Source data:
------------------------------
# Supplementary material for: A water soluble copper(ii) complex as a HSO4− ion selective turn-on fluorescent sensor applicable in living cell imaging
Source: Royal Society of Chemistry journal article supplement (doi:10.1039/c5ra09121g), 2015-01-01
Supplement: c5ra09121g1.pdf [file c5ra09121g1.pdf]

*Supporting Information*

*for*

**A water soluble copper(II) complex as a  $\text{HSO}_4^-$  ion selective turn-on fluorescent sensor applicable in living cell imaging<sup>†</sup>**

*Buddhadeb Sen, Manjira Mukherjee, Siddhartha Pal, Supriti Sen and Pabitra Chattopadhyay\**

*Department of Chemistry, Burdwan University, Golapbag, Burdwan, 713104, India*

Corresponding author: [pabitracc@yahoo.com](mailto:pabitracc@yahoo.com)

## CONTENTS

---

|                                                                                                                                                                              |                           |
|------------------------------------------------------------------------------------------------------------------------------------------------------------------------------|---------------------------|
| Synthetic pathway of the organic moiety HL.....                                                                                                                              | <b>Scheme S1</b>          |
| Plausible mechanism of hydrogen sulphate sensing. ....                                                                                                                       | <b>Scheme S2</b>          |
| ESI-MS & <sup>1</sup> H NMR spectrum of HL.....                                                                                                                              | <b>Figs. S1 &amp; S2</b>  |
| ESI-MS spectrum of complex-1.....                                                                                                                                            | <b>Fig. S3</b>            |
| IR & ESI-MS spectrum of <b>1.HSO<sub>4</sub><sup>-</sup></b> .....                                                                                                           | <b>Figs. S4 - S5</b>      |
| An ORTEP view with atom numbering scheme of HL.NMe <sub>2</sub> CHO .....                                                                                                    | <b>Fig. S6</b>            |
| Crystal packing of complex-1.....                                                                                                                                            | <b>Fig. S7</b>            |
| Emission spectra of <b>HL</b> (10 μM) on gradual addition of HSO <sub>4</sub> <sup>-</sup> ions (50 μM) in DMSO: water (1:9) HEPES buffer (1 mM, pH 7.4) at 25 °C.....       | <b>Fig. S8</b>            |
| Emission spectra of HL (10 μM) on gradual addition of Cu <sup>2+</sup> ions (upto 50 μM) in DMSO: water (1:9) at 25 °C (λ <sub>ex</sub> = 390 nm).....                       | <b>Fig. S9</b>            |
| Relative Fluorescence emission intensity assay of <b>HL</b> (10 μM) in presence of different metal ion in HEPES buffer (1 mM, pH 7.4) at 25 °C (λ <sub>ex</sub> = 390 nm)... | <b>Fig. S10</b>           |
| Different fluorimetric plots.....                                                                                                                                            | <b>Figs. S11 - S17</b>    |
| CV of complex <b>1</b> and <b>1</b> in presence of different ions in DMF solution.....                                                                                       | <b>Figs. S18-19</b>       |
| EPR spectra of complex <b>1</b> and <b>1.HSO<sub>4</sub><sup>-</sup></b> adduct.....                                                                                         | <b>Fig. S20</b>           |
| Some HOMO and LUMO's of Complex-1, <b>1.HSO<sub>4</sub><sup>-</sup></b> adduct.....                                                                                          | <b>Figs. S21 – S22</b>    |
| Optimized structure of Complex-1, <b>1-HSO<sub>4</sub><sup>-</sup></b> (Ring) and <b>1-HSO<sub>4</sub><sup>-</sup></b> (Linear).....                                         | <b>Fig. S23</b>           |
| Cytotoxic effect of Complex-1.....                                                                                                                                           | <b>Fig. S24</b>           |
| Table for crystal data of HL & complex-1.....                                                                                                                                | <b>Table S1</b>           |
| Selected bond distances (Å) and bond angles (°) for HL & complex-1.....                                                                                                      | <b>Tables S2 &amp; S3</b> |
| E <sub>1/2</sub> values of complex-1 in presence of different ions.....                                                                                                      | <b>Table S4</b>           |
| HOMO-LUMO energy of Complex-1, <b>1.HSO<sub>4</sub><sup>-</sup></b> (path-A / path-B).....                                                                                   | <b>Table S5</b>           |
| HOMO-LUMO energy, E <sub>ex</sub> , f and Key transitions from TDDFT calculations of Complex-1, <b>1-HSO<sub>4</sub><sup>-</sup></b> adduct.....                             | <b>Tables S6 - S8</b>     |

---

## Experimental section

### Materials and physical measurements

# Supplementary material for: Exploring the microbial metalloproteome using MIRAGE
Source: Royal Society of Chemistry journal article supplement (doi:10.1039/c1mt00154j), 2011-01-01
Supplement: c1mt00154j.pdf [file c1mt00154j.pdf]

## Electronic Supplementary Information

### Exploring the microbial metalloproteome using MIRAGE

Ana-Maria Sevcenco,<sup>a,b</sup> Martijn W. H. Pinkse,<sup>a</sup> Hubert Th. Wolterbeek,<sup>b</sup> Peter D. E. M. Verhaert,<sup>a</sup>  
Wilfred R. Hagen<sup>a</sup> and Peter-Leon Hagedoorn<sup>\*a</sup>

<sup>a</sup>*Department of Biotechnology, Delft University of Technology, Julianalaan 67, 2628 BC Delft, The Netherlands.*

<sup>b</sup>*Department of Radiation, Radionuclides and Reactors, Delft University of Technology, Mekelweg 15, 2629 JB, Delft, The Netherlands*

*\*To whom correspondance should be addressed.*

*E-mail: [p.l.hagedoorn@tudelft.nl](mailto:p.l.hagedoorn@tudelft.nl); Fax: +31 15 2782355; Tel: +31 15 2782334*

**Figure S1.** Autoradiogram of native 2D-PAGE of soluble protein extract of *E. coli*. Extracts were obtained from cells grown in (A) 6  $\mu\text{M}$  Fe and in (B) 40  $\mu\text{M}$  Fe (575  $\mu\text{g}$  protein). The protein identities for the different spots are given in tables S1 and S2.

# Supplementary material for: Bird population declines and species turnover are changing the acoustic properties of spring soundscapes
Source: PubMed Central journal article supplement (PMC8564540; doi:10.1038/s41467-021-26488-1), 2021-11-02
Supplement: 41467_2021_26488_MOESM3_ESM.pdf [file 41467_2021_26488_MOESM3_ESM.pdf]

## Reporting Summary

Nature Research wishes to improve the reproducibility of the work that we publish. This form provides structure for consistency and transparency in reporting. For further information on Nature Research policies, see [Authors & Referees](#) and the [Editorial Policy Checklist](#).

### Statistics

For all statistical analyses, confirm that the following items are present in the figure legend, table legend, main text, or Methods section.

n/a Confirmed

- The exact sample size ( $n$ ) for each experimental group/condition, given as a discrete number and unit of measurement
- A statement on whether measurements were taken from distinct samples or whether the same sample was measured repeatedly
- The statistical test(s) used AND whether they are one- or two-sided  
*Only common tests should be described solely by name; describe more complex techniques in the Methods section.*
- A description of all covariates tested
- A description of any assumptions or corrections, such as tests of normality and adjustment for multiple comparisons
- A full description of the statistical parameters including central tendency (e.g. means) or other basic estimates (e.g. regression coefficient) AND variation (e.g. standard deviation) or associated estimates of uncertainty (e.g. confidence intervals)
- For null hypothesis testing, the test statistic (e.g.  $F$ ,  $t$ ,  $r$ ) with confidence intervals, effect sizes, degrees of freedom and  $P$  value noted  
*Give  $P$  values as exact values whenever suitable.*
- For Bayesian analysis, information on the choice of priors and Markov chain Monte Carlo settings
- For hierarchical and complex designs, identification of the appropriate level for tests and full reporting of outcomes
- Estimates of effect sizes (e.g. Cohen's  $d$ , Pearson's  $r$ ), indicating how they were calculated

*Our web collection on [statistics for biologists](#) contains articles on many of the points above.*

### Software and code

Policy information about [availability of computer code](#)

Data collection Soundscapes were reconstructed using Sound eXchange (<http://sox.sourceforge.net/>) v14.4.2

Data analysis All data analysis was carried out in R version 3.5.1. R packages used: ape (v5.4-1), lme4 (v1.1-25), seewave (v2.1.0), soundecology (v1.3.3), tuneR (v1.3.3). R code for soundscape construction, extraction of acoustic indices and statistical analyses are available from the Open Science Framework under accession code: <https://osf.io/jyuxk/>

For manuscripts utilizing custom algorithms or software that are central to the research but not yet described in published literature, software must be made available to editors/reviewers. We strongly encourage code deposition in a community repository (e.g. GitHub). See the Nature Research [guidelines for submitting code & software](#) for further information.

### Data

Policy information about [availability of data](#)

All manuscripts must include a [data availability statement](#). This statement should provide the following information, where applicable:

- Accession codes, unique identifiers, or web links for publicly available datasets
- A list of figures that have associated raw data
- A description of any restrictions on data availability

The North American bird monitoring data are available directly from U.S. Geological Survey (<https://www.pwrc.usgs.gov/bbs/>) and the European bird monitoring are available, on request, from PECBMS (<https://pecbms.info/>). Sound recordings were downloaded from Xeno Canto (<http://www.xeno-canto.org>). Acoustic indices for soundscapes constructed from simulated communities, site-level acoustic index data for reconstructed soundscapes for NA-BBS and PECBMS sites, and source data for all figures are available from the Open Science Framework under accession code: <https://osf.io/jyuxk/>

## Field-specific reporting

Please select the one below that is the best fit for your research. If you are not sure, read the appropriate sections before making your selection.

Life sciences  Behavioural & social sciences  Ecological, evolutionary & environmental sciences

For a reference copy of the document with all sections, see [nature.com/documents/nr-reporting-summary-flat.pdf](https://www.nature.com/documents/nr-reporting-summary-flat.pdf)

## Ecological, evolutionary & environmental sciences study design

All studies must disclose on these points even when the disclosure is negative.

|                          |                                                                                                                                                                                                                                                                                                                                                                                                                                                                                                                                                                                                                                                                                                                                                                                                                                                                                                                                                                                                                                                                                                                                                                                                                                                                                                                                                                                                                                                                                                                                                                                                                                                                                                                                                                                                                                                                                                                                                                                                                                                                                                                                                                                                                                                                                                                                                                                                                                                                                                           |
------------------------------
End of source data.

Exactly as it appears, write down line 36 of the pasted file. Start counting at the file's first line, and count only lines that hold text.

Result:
## Experimental section